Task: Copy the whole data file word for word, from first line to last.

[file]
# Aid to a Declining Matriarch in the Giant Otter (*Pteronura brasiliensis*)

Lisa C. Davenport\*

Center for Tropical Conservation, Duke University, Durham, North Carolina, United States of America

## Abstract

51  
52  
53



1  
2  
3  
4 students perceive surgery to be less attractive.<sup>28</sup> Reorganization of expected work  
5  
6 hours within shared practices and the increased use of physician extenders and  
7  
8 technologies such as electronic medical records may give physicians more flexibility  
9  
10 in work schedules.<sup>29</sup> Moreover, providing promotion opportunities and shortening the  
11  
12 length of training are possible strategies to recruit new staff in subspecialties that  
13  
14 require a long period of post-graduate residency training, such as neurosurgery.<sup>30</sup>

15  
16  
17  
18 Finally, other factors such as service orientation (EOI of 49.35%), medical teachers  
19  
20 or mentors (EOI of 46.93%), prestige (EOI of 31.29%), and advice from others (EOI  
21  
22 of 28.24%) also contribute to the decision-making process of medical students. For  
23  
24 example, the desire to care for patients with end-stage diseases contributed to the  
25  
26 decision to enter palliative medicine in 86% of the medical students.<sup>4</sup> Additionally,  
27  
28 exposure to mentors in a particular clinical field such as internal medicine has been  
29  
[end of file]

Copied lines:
# Aid to a Declining Matriarch in the Giant Otter (*Pteronura brasiliensis*)

Lisa C. Davenport\*

Center for Tropical Conservation, Duke University, Durham, North Carolina, United States of America

## Abstract

51  
52  
53



1  
2  
3  
4 students perceive surgery to be less attractive.<sup>28</sup> Reorganization of expected work  
5  
6 hours within shared practices and the increased use of physician extenders and  
7  
8 technologies such as electronic medical records may give physicians more flexibility  
9  
10 in work schedules.<sup>29</sup> Moreover, providing promotion opportunities and shortening the  
11  
12 length of training are possible strategies to recruit new staff in subspecialties that  
13  
14 require a long period of post-graduate residency training, such as neurosurgery.<sup>30</sup>

15  
16  
17  
18 Finally, other factors such as service orientation (EOI of 49.35%), medical teachers  
19  
20 or mentors (EOI of 46.93%), prestige (EOI of 31.29%), and advice from others (EOI  
21  
22 of 28.24%) also contribute to the decision-making process of medical students. For  
23  
24 example, the desire to care for patients with end-stage diseases contributed to the  
25  
26 decision to enter palliative medicine in 86% of the medical students.<sup>4</sup> Additionally,  
27  
28 exposure to mentors in a particular clinical field such as internal medicine has been  
29  